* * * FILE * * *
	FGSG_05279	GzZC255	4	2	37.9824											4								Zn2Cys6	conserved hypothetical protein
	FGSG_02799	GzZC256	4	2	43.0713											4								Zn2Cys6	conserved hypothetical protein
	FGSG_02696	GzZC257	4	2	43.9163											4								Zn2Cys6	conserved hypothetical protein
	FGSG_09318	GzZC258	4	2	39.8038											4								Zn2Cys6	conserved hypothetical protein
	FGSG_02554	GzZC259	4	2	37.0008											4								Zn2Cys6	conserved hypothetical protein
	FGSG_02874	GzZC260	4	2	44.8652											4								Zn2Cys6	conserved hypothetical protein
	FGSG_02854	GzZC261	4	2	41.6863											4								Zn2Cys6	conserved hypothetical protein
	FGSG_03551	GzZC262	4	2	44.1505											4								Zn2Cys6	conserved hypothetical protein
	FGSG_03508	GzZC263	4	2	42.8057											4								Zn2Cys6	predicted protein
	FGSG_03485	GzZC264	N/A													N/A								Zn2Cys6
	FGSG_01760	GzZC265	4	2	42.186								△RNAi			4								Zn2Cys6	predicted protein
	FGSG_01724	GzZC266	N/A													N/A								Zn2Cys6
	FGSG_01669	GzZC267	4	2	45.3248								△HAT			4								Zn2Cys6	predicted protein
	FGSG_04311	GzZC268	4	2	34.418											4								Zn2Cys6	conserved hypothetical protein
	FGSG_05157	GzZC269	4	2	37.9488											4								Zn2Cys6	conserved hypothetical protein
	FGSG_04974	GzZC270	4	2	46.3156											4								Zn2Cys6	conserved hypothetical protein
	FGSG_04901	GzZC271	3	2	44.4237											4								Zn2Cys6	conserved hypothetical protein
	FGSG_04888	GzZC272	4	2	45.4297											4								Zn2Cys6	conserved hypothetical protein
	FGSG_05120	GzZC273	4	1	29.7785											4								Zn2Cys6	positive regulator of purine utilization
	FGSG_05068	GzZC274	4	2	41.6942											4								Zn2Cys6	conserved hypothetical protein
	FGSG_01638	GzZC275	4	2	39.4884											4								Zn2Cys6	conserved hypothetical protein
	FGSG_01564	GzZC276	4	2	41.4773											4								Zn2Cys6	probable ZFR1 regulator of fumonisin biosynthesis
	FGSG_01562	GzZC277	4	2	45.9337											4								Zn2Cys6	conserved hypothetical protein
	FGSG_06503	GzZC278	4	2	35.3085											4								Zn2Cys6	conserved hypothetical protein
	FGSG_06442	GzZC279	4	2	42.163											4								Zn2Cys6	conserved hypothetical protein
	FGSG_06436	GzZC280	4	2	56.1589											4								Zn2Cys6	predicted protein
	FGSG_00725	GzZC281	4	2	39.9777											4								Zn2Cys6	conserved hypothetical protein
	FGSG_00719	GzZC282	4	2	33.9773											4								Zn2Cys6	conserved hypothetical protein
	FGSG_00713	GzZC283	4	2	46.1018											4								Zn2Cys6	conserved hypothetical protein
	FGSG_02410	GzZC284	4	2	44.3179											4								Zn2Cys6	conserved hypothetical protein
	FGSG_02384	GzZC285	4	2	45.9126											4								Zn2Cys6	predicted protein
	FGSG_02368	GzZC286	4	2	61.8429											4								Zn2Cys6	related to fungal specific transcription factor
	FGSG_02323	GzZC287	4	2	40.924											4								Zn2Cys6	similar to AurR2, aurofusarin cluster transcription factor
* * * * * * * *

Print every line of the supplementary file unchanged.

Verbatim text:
	FGSG_05279	GzZC255	4	2	37.9824											4								Zn2Cys6	conserved hypothetical protein
	FGSG_02799	GzZC256	4	2	43.0713											4								Zn2Cys6	conserved hypothetical protein
	FGSG_02696	GzZC257	4	2	43.9163											4								Zn2Cys6	conserved hypothetical protein
	FGSG_09318	GzZC258	4	2	39.8038											4								Zn2Cys6	conserved hypothetical protein
	FGSG_02554	GzZC259	4	2	37.0008											4								Zn2Cys6	conserved hypothetical protein
	FGSG_02874	GzZC260	4	2	44.8652											4								Zn2Cys6	conserved hypothetical protein
	FGSG_02854	GzZC261	4	2	41.6863											4								Zn2Cys6	conserved hypothetical protein
	FGSG_03551	GzZC262	4	2	44.1505											4								Zn2Cys6	conserved hypothetical protein
	FGSG_03508	GzZC263	4	2	42.8057											4								Zn2Cys6	predicted protein
	FGSG_03485	GzZC264	N/A													N/A								Zn2Cys6
	FGSG_01760	GzZC265	4	2	42.186								△RNAi			4								Zn2Cys6	predicted protein
	FGSG_01724	GzZC266	N/A													N/A								Zn2Cys6
	FGSG_01669	GzZC267	4	2	45.3248								△HAT			4								Zn2Cys6	predicted protein
	FGSG_04311	GzZC268	4	2	34.418											4								Zn2Cys6	conserved hypothetical protein
	FGSG_05157	GzZC269	4	2	37.9488											4								Zn2Cys6	conserved hypothetical protein
	FGSG_04974	GzZC270	4	2	46.3156											4								Zn2Cys6	conserved hypothetical protein
	FGSG_04901	GzZC271	3	2	44.4237											4								Zn2Cys6	conserved hypothetical protein
	FGSG_04888	GzZC272	4	2	45.4297											4								Zn2Cys6	conserved hypothetical protein
	FGSG_05120	GzZC273	4	1	29.7785											4								Zn2Cys6	positive regulator of purine utilization
	FGSG_05068	GzZC274	4	2	41.6942											4								Zn2Cys6	conserved hypothetical protein
	FGSG_01638	GzZC275	4	2	39.4884											4								Zn2Cys6	conserved hypothetical protein
	FGSG_01564	GzZC276	4	2	41.4773											4								Zn2Cys6	probable ZFR1 regulator of fumonisin biosynthesis
	FGSG_01562	GzZC277	4	2	45.9337											4								Zn2Cys6	conserved hypothetical protein
	FGSG_06503	GzZC278	4	2	35.3085											4								Zn2Cys6	conserved hypothetical protein
	FGSG_06442	GzZC279	4	2	42.163											4								Zn2Cys6	conserved hypothetical protein
	FGSG_06436	GzZC280	4	2	56.1589											4								Zn2Cys6	predicted protein
	FGSG_00725	GzZC281	4	2	39.9777											4								Zn2Cys6	conserved hypothetical protein
	FGSG_00719	GzZC282	4	2	33.9773											4								Zn2Cys6	conserved hypothetical protein
	FGSG_00713	GzZC283	4	2	46.1018											4								Zn2Cys6	conserved hypothetical protein
	FGSG_02410	GzZC284	4	2	44.3179											4								Zn2Cys6	conserved hypothetical protein
	FGSG_02384	GzZC285	4	2	45.9126											4								Zn2Cys6	predicted protein
	FGSG_02368	GzZC286	4	2	61.8429											4								Zn2Cys6	related to fungal specific transcription factor
	FGSG_02323	GzZC287	4	2	40.924											4								Zn2Cys6	similar to AurR2, aurofusarin cluster transcription factor